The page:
Erdogan président Turquie

The joke ! “We don’t have a problem with inflation. But a problem with the cost of living”… – Insolentiae

Here is the quote of the day.

“We don’t have an inflation problem. But a problem of high cost of living”!

So let’s play the guessing game, who do you think we owe this pearl to?

The suitors are not lacking!

Janet Yellen, who saw nothing coming to the United States, could claim authorship of this sentence. I guess in order to be politically correct and inclusive one would have to change the phrase ‘the fatherhood of something’ when talking about Janet Yellen’s motherhood…although in talking about her motherhood I think I’m referring to her condition of procreative female undergoing the dictatorship of ancestral patriarchy.

So, if anyone among you has a diploma in wokism, I’m a taker…

In short, we could also nominate our great guru to the national economy Mr. Bruno the Mayor, or even our lady Christine Lagarde from the ECB who has been giving us nice treats for years.

Well no, it’s not Lagarde, moreover, she’s been in pretty bad shape in recent months, she’s even starting to tell the truth, that is to say her advanced state of weakness.

No, the star of the day is Turkish President Erdogan.

Erdogan persists and signs: to fight against inflation… he will continue to lower rates

And there it is a high-flying intellectual and technical festival. I am not sure that our Turkish friends, who leave feathers there daily, find the joke of inflation very funny, because it is always the population which is affected by inflationary phenomena. The rich, them, in Turkey as at home always come out of it. For the most modest and the middle classes it’s a different story!

“We don’t have an inflation problem. But a problem of high cost of living, said the Turkish head of state. “We don’t have an inflation problem. But a problem of high cost of living, ”said the Turkish head of state. To fight against inflation, the remedy is known: we must increase interest rates to curb consumption and lower prices. With the risk, in the event of too violent a rise in rates, of stifling growth and impacting employment. This scheme as old as Herod, Turkish President Recep Tayyip Erdogan does not follow. While inflation in Turkey reached 73.5% year on year in May, he announced on Monday that he wanted to lower interest rates again.

“Let no one expect that from us. This government will not raise interest rates. On the contrary, we will continue to lower them, ”said the Turkish head of state during a press conference following a meeting with his cabinet.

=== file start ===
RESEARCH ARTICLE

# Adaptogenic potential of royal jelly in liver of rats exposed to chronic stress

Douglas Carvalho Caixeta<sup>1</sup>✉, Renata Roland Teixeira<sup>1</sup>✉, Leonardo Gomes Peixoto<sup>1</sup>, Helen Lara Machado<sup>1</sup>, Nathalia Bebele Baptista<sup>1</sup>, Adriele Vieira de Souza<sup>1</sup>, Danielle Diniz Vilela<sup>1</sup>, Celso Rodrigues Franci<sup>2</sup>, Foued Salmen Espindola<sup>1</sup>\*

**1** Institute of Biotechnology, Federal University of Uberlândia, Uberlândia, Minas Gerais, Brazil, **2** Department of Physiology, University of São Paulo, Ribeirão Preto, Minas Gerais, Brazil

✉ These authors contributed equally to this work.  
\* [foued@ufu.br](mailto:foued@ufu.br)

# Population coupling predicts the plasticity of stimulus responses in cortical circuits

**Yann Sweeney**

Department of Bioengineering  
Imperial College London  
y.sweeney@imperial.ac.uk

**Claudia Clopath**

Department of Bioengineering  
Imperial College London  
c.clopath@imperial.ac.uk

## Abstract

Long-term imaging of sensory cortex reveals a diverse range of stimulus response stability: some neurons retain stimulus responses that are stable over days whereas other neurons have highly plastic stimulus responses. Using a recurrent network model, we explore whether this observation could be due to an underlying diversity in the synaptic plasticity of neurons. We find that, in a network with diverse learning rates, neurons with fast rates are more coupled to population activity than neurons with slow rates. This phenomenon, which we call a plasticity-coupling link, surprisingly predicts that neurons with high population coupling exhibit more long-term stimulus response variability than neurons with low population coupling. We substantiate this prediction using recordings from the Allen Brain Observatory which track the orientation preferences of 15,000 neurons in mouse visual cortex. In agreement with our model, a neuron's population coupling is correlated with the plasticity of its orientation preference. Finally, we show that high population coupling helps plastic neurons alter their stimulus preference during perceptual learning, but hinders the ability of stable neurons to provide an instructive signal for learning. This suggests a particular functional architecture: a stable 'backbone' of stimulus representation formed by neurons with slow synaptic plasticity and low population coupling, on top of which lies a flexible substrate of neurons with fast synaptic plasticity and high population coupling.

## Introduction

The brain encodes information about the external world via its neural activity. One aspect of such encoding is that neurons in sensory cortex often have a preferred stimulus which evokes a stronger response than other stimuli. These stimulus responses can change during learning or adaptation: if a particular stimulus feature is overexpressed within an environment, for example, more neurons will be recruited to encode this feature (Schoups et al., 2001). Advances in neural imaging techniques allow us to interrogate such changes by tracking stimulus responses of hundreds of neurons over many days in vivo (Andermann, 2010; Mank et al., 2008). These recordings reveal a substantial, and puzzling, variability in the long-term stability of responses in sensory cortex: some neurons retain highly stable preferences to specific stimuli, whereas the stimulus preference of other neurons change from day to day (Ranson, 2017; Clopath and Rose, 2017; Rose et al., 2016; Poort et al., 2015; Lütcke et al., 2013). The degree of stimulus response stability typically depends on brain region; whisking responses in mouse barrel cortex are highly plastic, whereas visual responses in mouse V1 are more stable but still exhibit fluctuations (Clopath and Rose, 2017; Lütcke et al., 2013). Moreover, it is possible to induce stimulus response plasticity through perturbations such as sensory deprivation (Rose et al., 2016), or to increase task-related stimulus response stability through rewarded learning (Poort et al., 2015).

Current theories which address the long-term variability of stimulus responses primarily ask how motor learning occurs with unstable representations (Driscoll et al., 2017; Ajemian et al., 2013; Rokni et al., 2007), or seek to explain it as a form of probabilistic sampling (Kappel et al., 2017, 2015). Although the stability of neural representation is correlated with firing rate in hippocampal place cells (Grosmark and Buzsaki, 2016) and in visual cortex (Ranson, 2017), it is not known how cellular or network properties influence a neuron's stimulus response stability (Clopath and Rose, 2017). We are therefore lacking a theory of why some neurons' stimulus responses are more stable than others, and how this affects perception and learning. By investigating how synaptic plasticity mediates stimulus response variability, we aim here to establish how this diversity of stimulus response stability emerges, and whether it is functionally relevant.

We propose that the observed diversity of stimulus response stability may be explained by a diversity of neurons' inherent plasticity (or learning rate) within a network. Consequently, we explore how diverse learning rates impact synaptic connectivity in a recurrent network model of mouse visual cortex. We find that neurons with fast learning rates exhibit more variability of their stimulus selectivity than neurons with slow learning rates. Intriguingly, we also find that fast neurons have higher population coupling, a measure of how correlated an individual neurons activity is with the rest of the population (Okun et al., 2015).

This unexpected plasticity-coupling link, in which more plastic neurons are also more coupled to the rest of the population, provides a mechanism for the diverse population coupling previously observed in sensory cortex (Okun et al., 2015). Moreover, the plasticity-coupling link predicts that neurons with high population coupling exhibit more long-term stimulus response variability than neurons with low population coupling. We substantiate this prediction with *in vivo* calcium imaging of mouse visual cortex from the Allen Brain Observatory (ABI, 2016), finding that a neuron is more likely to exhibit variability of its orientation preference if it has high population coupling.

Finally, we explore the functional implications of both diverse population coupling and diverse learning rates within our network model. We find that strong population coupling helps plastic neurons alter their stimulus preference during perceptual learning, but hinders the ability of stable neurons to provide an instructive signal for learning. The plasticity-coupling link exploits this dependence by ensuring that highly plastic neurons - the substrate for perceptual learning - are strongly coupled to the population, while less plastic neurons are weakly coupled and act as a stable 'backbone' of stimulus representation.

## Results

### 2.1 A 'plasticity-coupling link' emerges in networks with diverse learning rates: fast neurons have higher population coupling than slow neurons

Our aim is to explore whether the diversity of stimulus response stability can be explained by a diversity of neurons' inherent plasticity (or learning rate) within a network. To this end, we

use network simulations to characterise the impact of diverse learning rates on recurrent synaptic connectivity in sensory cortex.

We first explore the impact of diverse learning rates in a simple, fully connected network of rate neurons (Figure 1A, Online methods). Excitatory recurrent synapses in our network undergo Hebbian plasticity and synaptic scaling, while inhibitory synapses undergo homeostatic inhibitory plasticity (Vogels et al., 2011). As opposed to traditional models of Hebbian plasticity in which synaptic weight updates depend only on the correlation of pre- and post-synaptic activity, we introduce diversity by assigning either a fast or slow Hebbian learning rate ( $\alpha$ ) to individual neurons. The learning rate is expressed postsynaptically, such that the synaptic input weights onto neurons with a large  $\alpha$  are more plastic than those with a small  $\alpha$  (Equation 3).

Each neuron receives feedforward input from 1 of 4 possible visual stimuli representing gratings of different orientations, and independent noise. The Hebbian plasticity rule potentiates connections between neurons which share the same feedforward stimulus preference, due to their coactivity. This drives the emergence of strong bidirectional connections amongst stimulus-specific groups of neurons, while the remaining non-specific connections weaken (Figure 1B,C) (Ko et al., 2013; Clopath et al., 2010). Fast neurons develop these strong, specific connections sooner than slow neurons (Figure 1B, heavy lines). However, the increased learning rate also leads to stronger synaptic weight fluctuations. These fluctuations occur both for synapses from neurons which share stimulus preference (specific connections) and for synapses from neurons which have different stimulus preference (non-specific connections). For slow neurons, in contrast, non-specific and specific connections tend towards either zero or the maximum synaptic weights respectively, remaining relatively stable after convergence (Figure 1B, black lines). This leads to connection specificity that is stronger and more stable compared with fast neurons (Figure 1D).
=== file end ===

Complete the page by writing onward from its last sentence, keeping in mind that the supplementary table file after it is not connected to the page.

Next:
Already in 2021, he had forced the central bank to lower its key rate from 19% to 14%, between September and December, causing the national currency to collapse. The Turkish lira lost more than 47.79% of its value over one year. Recently, the Turkish central bank refused to raise its key rate in an attempt to curb inflation and kept it at 14%.

Driven by rising energy and food prices, inflation in Turkey is at its highest since December 1998.

Inflation is at the heart of the debates in Turkey, one year before the presidential election, scheduled for June 2023, the opposition and many economists accusing the National Statistics Office (Tüik) of knowingly and largely underestimating its magnitude.

Independent Turkish economists from the Inflation Research Group (Enag) said on Friday morning that inflation actually reached 160.76% year on year, more than twice the official rate.

“We don’t have an inflation problem. But a problem of high cost of living, ”said the Turkish head of state.

On the other hand, to try to be perfectly objective, Erdogan is perfectly right to think that increasing the rates will create a very strong economic recession, and it is because we create a strong recession that we lower the demand and that this drop in demand lowers the rise in prices and therefore inflation.

But, for the first time in the world, inflation is not only monetary, it is also linked to a violent and unprecedented phenomenon of resource scarcity.

The adjustment is therefore made via the price, and the longer and greater the scarcity, the longer and higher the adjustment via the price will be.

This is not a monetary phenomenon, but a phenomenon of adjustment of supply and demand.

In this case, is raising interest rates the most appropriate solution?

This is, I think, the way to ask the question and open the debate.

Charles SANNAT

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